So, the thing is... I went to Cleveland and came home a new woman.

Recently, I was standing in our downstairs bathroom working on retexturing it and I couldn't quite reach the top of the wall. My three-year-old, Ana, was watching me. So, I turned the garbage pail upside down and stood on top of it --worried out loud that it might not hold me. Of course, it DIDN'T hold me and I crashed through. "OUCH!" I said. Ana was very concerned. "I shouldn't have stood on that, Ana. That wasn't a smart thing to do."

Ana, deadpan, and in exactly this verbiage: "I cannot allow you to hurt yourself. If you continue to put yourself in danger, I will put you in a time out."

When your words come back to haunt you, there's pretty much nothing you can do other than listen to yourself --even if your voice is coming out of a three-year-old with an attitude. I really DID need a time out.

So I went to Cleveland.

I know, I know, Cleveland wasn't MY idea of a hot vacation spot either. Especially in November. But a group of my friends from the Mothers of March 1998 Babies message board on ParentSoup.com were meeting up in Cleveland and I went. (These are the same women who sent me packages, cards, books, stickers, hand-held games, and a zillion other things during the almost twenty weeks I was on bed rest while pregnant with Jane. They sent me something almost every single day. That's a LOT of thoughtfulness directed at someone they'd never even met. I couldn't wait to say thanks in person.)

It was a Moms-only weekend so we all arrived without spouses or children. And we just had a blast! There were women from all walks of life --the stay-at-home-moms and the career women, the single parents, the Canadians and the Americans and the Texans. We all converged on Cleveland, armed with pictures and wine and we proceeded to fit about ten years worth of conversation into three days. I learned some really important lessons.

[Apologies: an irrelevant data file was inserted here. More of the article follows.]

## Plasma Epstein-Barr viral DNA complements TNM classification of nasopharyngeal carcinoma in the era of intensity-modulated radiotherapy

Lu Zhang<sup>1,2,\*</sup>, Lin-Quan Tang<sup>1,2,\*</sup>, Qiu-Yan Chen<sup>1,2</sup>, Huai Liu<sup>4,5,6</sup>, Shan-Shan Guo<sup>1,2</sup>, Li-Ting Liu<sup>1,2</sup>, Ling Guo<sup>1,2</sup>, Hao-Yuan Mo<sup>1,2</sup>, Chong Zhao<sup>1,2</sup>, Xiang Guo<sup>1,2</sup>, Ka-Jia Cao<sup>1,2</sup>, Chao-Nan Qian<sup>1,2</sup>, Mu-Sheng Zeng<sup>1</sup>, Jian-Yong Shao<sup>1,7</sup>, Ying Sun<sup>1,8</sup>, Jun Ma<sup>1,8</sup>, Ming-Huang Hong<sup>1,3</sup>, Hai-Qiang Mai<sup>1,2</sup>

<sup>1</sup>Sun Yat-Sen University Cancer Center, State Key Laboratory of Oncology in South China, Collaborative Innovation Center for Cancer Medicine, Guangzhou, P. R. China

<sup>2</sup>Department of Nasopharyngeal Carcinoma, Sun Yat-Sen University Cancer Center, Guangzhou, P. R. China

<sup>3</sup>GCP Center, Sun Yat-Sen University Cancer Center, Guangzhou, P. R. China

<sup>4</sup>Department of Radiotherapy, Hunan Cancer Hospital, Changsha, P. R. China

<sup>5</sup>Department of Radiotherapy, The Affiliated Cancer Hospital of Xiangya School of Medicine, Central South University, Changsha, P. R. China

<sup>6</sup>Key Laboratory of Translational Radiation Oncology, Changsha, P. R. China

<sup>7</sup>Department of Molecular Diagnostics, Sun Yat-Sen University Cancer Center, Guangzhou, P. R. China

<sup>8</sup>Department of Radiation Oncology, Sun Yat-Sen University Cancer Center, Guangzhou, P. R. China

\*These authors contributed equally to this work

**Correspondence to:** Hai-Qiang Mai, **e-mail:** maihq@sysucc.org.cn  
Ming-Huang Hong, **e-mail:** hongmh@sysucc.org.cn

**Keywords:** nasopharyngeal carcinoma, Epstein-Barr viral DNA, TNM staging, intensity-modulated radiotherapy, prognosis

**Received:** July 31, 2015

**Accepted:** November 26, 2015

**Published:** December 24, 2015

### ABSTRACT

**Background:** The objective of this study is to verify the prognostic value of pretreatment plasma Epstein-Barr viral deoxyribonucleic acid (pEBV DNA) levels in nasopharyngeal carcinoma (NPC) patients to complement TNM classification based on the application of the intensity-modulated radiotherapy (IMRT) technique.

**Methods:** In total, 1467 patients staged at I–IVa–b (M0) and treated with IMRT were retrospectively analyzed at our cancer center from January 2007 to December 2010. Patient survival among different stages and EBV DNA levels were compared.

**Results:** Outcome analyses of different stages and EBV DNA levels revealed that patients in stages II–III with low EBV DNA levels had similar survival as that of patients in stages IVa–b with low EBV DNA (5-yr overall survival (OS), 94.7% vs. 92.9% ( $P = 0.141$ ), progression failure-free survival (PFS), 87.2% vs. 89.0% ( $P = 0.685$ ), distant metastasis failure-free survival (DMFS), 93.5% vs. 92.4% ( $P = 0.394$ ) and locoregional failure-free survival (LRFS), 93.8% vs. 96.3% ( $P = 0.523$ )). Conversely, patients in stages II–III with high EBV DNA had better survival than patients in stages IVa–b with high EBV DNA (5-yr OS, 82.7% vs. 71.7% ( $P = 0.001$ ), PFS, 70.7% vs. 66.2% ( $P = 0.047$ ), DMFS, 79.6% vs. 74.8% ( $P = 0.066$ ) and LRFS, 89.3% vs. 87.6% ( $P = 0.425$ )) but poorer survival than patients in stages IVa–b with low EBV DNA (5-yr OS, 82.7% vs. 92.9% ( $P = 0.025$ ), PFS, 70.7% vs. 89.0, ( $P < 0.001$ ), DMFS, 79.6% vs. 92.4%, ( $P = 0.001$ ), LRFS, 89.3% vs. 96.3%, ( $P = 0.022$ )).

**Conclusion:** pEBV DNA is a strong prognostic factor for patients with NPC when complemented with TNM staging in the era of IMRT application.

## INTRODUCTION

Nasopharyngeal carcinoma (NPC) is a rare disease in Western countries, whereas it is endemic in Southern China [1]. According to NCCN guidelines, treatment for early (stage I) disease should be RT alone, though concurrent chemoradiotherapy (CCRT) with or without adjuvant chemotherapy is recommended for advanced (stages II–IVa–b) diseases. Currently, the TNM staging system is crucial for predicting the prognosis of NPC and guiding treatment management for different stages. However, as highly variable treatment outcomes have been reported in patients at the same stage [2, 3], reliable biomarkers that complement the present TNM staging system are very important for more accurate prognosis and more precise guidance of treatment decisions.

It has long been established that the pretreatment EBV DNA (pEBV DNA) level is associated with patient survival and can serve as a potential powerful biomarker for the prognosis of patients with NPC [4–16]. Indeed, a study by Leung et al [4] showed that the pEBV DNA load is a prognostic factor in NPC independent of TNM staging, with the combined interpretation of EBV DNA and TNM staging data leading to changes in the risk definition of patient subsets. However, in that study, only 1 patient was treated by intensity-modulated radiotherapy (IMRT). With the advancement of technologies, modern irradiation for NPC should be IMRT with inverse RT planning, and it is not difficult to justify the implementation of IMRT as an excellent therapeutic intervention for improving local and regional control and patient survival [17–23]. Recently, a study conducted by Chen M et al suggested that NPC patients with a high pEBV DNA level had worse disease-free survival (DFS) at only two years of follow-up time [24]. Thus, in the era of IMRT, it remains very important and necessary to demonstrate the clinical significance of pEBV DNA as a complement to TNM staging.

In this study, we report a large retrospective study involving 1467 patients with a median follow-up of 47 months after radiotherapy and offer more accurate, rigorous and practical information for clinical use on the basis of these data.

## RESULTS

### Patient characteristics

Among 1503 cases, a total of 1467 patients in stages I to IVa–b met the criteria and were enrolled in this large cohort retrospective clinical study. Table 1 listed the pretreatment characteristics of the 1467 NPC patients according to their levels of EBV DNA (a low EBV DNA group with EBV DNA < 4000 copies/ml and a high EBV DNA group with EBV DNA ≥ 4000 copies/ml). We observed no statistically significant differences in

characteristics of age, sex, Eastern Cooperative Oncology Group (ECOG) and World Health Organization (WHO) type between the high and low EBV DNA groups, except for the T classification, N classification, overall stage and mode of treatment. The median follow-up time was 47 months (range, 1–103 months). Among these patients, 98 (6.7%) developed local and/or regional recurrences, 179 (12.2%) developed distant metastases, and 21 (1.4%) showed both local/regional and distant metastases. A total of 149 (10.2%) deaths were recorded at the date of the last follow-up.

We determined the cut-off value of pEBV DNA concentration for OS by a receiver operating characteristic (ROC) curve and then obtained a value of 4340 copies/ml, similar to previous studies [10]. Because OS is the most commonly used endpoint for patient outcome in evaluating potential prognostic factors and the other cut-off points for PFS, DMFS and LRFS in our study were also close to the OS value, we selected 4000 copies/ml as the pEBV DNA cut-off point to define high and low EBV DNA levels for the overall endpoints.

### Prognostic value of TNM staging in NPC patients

* I learned that people in Cleveland differ from Texans. For example, when the guy at the swanky restaurant urinated into a plastic plant right in front of us, I wanted to tell him that in Texas, real men urinate OUTSIDE on REAL trees. Was he born in a barn or what?

* I learned that you can take the mother away from her family but you cannot ever turn her into anything except a mom. Like when the guy at the dance club PICKED ME UP IN THE AIR and I affixed him immediately with my Serious Mom Face and sternly said “Put me down this instant!” and he did so, immediately. (And then left before I could put him in a Time Out.)

* I learned that cyberspace goes a long way toward breaking the ice and establishing the friendships between women, but the bottom line is there is no substitute for a real hug or a genuine laugh between people IN PERSON. We were a group of really different people, bound only by the common ages of our children. We've established a pretty relaxed rapport with each other in the last three-and-a-half years so our comfort level was real from the very beginning. But I believe we humans simply need TOUCH to connect. By the time we left, we were real-life friends.

* And the number one thing I learned is that, although it was hard to leave my kids (Smiley Jane is in such a Mommy phase right now) and although it was hard to justify the expense, and although travel seemed a bit dicey given the world situation, I really needed a break. I needed a vacation. I came back, after three short days, completely energized. My reserve of patience and good humor was completely restored. That’s a good way to start the holidays.